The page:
Ready or Not, Daylight Saving Time is Upon Us

Twice a year, before snuggling into bed, we set our clocks forward or backward an hour for Daylight Saving Time. Have you ever stopped to think what exactly is the reasoning we do this or how it came about?

“Spring forward” and “Fall back” are popular terms associated with daylight saving. In the springtime, we spring our clocks forward an hour, and in the fall, we set our clocks back one hour.

What is Daylight Saving Time?

Time changes occur overnight on the weekend. The idea behind this is to limit time disruptions during the weekday. Most people are asleep when the clocks shift forward or backward an hour.

Springing forward one hour in the spring, we essentially lose one hour of the day. Then in the fall, we regain that lost hour.

How did Daylight Saving Time Come to Be?

There is controversy over how Daylight Saving Time officially began and who created the idea.

Many people believe farmers as a whole were responsible, as they worked long outdoor hours. However, this was not the case. Farmers used the sun to tell time and get their work done, rather than the clock itself. Changing the time by an hour was only seen as a disruption to the farmers’ workload. Time changes also messed up feeding hours for farm animals. Rather than looking at it as an extra hour of sunlight to get work done, farmers looked at it as a hindrance.

Some believe Benjamin Franklin is responsible for coming up with the idea. He is famous for coining the phrase, “Early to bed and early to rise.” This phrase led people to believe he invented Daylight Saving Time, but he was merely suggesting a change in sleep patterns.


Benjamin Franklin
Image by Joseph Duplessis

William Willett Memorial
Image by P Ingerson

Englishman Behind Daylight Saving Time

Englishman William Willett was another individual who is often credited with starting Daylight Saving Time. Though it is true he believed clocks should be moved forward to maximize sunlight during the daytime; he passed away before any changes were officially made to set the clocks.


George Hudson, an entomologist from New Zealand, is another individual given credit for inventing Daylight Saving Time. Hudson felt it was shameful that so many people were sleeping through a lot of daylight during the summertime. He also enjoyed golf as a hobby and was never thrilled to have to end his golf round due to the sun going down too early in the evening. He proposed the changes, but also passed away before any concrete changes were made.


With all that said it is safe to say that there will never truly be an agreement on exactly how Daylight Saving Time came about and who should get 100% credit for it.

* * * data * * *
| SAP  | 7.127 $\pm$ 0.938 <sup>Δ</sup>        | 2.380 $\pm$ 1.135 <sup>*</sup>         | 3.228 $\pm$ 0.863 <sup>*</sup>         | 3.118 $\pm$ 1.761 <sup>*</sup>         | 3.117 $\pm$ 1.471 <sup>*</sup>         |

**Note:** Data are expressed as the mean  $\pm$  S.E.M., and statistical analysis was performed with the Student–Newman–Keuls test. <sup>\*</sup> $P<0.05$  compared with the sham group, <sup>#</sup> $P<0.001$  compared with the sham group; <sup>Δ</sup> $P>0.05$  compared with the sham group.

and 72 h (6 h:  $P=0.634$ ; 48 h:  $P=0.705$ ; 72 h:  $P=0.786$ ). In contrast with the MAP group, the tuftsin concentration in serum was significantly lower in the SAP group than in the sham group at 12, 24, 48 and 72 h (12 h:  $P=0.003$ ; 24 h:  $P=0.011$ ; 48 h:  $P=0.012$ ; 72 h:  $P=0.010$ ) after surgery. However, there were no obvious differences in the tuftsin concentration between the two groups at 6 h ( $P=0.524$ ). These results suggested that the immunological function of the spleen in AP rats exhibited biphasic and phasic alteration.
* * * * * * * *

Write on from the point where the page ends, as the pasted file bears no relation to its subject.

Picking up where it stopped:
After World War II, the idea of Daylight Saving Time became more prominent, and countries started adopting the practice, especially after the energy crisis in the 1970s.

George Hudson
Image Courtesy of Wikimedia Commons

Is Daylight Saving Time Beneficial?

Much like the controversy over who officially invented Daylight Saving Time, there is also controversy over why we have it and the actual benefits and drawbacks of having it.

On one end of the spectrum, many believe that it saves energy and allows people the opportunity to be outdoors more during the summertime, which brings health benefits. On the other end of the spectrum, many believe that it does not save energy, and it increases health risks rather than decreasing them.

Often Called the Most Depressing Day of the Year

Darkness is often associated with depression. A lot of research has been done to determine whether or not seasonal depression is linked to Daylight Saving Time.

Generally, in the spring, when we set the clocks forward, we wake up, and it is still dark outside. In the fall, when we set our clocks back, it gets darker sooner in the evening. No matter how you look at it, once the clock is adjusted there is a new period of darkness that we all experience.

When we set our clocks forward an hour in the spring, some people also view this as “losing” an hour of sleep, which can negatively affect sleep patterns.


How to Cope with Time Change

Web MD suggests several routines to practice to stay out of the Daylight Saving Time funk. Go to sleep a little earlier the night of the time change. This will give you a better chance of waking up feeling less tired.

Pay attention to light. During waking hours, expose yourself to light and during dark hours, stay away from bright light. This helps your body better adjust.

Take care of yourself. Avoid caffeine before bedtime and exercise a good while before you head to bed, so your body has time to calm down and relax before you get into bed.

Lightening the Mood with Fun Daylight Saving Time Tidbits

The pattern seems common. There are a lot of controversies and questions that still ring true today when it comes to Daylight Saving Time. Despite all the debates, there are some common fun tidbits about Daylight Saving Time:

  • Not every U.S. state implements Daylight Saving Time. Both Hawaii and the majority of Arizona are the oddballs out. (So this means that if you are living or traveling in Appalachia during Daylight Saving Time, you will experience it twice a year.)
  • The term is singular, not plural. For those who have called it “Daylight Savings Time” all these years, drop the “s” to be grammatically correct.
  • TV ratings usually go down during the first week of Daylight Saving Time.
  • Barbecue companies support Daylight Saving Time, as it brings more sales in for them.

Mark your calendars. This Fall Daylight Saving Time will occur overnight on Sunday, November 4th!

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